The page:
p=k _{y} N _{y} Δy [6]

Above, Δy is the image resolution in phase encoding direction. Substituting Eq. [6] into Eq. [4]. gives:

S _{Anatomy}(t)=∫∫(M _{T,Anatomy} e ^{i2πk} ^{ y } ^{(yN} ^{ y } ^{Δy/4}))e ^{−i2πk} ^{ x } ^{x} dxdy [7]

Eq. [7] states that the modified RF excitation causes a shift of the image location in phase encoding direction with an amount of N_{y}/P.

As stated above in the general theory of the method, the effect of the circulating linear polarization vector to the ICRF coil is more complex than the anatomy. The transmit field induces current on the ICRF coil and the induced current creates a secondary magnetic field. This time dependent magnetic field created by the ICRF coil can be represented as:

{right arrow over (B)}_{ICRF,t}(t)=I _{ICRF,t}(t){right arrow over (B)}_{ICRF}′ [1]

where I_{ICRF,t}(t) is the time dependent current due to transmit field and expressed as:

I _{ICRF,t}(t)=B _{t}(t)cos(ω_{o} t+σ){circumflex over (a)}_{t}·{right arrow over (s)} [2]

Above, B_{t}(t) is peak value of time dependent transmit magnetic field envelope function, ω_{o }is the Larmor frequency, σ and â_{t }are the phase and unit vector of B_{t}(t), and {right arrow over (s)} is surface normal vector of the ICRF coil, given by:

{right arrow over (s)}=s(cos θ{circumflex over (a)}_{x}+sin θ{circumflex over (a)}_{y}) [3]

where s is the area of the ICRF coil. For every different RF excitation mentioned in FIG. 2, dot product of the surface normal vector of the ICRF coil and the unit vector of the transmit magnetic field (Eq. [2]) causes different complex parameter.

In Eq. [1], {right arrow over (B)}_{ICRF}′ is the peak value of magnetic field generated by the ICRF coil at a point of interest when a unit current is applied to an imaginary terminal of the coil:

{right arrow over (B)}_{ICRF} ′=B _{co}(cos(θ+η){circumflex over (a)}_{x}+sin(θ+η){circumflex over (a)}_{y}) [4]

Above, B_{co }is the magnitude of the magnetic field, θ+η is the orientation of the magnetic field vector at the point of interest, η is the phase term of the magnetic field related to other than the orientation of the ICRF coil. Note that, the field vector orientation is directly related to the orientation of the ICRF coil, therefore θ appears in the magnetic field expression. Using above equations, x and y components of the {right arrow over (B)}_{ICRF,t}(t) can be expressed as:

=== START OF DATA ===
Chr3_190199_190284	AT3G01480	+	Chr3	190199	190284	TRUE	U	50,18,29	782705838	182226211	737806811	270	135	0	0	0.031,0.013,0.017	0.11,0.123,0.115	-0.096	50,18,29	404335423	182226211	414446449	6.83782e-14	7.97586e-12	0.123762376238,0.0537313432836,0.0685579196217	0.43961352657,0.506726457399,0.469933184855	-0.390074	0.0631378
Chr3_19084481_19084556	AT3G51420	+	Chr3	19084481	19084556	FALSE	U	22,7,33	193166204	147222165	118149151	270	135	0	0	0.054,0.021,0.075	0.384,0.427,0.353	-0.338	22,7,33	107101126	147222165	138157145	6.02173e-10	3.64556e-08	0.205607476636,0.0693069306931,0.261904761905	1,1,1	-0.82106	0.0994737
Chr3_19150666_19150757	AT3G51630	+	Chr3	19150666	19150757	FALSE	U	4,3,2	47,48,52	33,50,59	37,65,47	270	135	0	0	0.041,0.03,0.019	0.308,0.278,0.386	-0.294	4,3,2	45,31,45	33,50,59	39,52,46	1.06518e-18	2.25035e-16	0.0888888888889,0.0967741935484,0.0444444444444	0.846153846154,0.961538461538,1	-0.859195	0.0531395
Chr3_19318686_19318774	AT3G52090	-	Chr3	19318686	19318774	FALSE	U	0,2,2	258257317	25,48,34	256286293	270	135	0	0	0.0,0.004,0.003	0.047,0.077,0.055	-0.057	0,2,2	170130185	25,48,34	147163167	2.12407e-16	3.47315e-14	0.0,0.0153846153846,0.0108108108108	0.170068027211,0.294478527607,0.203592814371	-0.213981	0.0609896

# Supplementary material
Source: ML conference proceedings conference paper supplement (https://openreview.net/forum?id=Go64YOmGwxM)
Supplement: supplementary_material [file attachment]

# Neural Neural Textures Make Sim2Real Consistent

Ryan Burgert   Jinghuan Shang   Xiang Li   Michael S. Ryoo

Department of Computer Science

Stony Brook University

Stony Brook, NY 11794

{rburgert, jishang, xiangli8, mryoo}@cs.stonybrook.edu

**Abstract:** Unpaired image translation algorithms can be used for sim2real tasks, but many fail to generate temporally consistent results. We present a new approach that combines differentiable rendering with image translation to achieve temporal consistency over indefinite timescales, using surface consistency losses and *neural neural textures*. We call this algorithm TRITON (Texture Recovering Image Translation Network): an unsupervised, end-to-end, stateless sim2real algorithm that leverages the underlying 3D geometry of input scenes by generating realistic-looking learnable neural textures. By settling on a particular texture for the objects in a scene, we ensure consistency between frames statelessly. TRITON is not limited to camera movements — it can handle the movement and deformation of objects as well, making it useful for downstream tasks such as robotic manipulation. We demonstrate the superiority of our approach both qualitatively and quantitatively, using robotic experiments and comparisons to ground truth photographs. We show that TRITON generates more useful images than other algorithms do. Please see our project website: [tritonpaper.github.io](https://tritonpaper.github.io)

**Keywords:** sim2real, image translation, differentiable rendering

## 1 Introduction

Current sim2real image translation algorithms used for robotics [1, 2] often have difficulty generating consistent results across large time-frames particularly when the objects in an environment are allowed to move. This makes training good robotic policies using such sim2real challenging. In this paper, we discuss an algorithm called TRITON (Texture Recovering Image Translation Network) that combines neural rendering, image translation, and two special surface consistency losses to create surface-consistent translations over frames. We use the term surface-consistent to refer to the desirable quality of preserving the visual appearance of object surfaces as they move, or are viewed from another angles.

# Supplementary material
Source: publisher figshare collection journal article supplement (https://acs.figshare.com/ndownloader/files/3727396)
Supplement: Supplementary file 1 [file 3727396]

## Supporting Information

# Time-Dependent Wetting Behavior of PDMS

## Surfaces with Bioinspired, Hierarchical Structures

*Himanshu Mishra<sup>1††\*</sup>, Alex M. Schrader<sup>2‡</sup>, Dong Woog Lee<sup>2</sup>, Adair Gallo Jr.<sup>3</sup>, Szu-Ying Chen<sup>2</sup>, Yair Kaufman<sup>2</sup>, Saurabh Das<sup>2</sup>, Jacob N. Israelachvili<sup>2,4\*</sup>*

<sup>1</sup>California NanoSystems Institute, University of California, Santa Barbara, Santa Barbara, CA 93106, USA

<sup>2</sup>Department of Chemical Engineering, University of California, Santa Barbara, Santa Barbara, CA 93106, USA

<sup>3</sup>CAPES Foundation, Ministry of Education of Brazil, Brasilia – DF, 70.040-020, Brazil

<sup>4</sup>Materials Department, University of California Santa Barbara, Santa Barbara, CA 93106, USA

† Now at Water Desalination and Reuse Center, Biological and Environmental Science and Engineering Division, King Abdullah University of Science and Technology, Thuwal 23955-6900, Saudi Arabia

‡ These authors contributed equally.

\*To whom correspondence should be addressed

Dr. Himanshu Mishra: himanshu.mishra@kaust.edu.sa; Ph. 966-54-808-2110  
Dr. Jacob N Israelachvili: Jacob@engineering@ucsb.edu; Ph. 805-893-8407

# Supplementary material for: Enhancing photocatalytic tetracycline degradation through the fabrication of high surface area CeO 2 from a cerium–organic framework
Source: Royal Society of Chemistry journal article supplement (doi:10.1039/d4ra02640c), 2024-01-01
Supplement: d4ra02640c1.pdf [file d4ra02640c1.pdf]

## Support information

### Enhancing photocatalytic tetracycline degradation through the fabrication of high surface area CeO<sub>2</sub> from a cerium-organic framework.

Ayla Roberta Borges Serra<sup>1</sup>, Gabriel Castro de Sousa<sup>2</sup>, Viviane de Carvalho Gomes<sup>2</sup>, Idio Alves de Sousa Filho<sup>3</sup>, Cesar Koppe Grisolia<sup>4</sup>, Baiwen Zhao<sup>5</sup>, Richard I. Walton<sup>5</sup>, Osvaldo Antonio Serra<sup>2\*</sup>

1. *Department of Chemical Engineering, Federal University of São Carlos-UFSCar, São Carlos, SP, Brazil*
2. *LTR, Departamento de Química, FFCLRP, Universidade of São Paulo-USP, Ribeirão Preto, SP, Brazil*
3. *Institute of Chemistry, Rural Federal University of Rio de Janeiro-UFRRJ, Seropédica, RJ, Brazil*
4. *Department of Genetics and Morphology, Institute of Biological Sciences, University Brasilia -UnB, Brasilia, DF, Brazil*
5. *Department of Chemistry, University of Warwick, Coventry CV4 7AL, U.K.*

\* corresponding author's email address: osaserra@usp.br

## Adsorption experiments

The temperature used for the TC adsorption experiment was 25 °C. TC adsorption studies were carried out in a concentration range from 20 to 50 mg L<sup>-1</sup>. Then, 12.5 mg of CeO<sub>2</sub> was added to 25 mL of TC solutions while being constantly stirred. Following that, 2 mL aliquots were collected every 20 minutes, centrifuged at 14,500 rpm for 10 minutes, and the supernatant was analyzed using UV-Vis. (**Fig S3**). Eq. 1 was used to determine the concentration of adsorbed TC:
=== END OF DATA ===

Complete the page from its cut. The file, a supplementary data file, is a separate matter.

B _{ICRF,tx}(t)=B _{t}(t)B _{co} s[â _{t}·(cos θ{circumflex over (a)}_{x}+sin θ{circumflex over (a)}_{y})] cos(ω_{o} t+σ)cos(θ+η)

B _{ICRF,ty}(t)=B _{t}(t)B _{co} s[â _{t}·(cos θ{circumflex over (a)}_{x}+sin θ{circumflex over (a)}_{y})] cos(ω_{o} t+σ)sin(θ+η) [5]

Converting the lab frame expressions into the rotating frame will be useful for calculations (15):

B _{x} ^{+}(t)=B _{ICRF,tx}(t)cos(ω_{o} t)+B _{ICRF,ty}(t)sin(ω_{o} t)

B _{y} ^{+}(t)=−B _{ICRF,tx}(t)sin(ω_{o} t)+B _{ICRF,ty}(t)cos(ω_{o} t)

where B_{x} ^{+}(t) and B_{y} ^{+}(t) are the x and y components of the positively rotating frame. Ignoring 2ω_{o}t components, which are not effective in NMR:

B _{x} ^{+}(t)=−B cos(θ+η)sin σ+B sin(θ+η)cos σ

B _{x} ^{+}(t)=−B sin(θ+η)cos σ+B sin(θ+η)sin σ [7]

Above, B=B_{t}(t)B_{co}s[â_{t}·(cos θ{right arrow over (a)}_{x}+sin θ{right arrow over (a)}_{y})]/2.

These rotating frame components are enough to express magnetizations. For the sake of simplicity, assume a small tip angle to obtain x and y components of the magnetization:

dM _{x} ^{+}(t)/dt≈−γM _{o} B _{y} ^{+}(t)

dM _{y} ^{+}(t)/dt≈γM _{o} B _{x} ^{+}(t) [8]

where γ is gyromagnetic ratio, M_{o }is the instantaneous magnetic moment per sample voxel immediately after applying a 90° pulse. Note that, later in this section it will be shown that the formulation is still valid for larger flip angles using a computer simulation (16). Assuming a square pulse:

M _{x} ^{+}(t)=−γτM _{o} B _{y} ^{+}(t)

M _{y} ^{+}(t)=γτM _{o} B _{x} ^{+}(t) [9]

Above, τ is the duration of the pulse. Complex transverse magnetization of the ICRF coil magnetic field can be written as M_{T,ICRF} ^{+}(t)=M_{x} ^{+}(t)+iM_{y} ^{+}(t) and substituting Eq. [9] gives:

M _{T,ICRF} ^{+}(t)=M _{T,ICRF} e ^{iθ}[{circumflex over (a)}_{t}·(cos θ{circumflex over (a)}_{x}+sin θ{circumflex over (a)}_{y})] [10]

where M_{T,ICRF}=γτM_{o}e^{iη}e^{iσ}B_{t}(t)B_{co}s/2. Remaining terms at the right side of Eq. [10] are directly related to the orientation of the ICRF coil. As the RF pulse scheme changes, the complex transverse magnetization of the ICRF coil changes similar to the anatomy case. However, the orientation related complex term in Eq. [10] makes a very important difference. At the first TR, unit vector of the transmit magnetic field will be â_{t}=â_{x}, because its direction shows the xaxis. Substituting this information to Eq. [10] results with the first complex transverse magnetization of the ICRF coil as: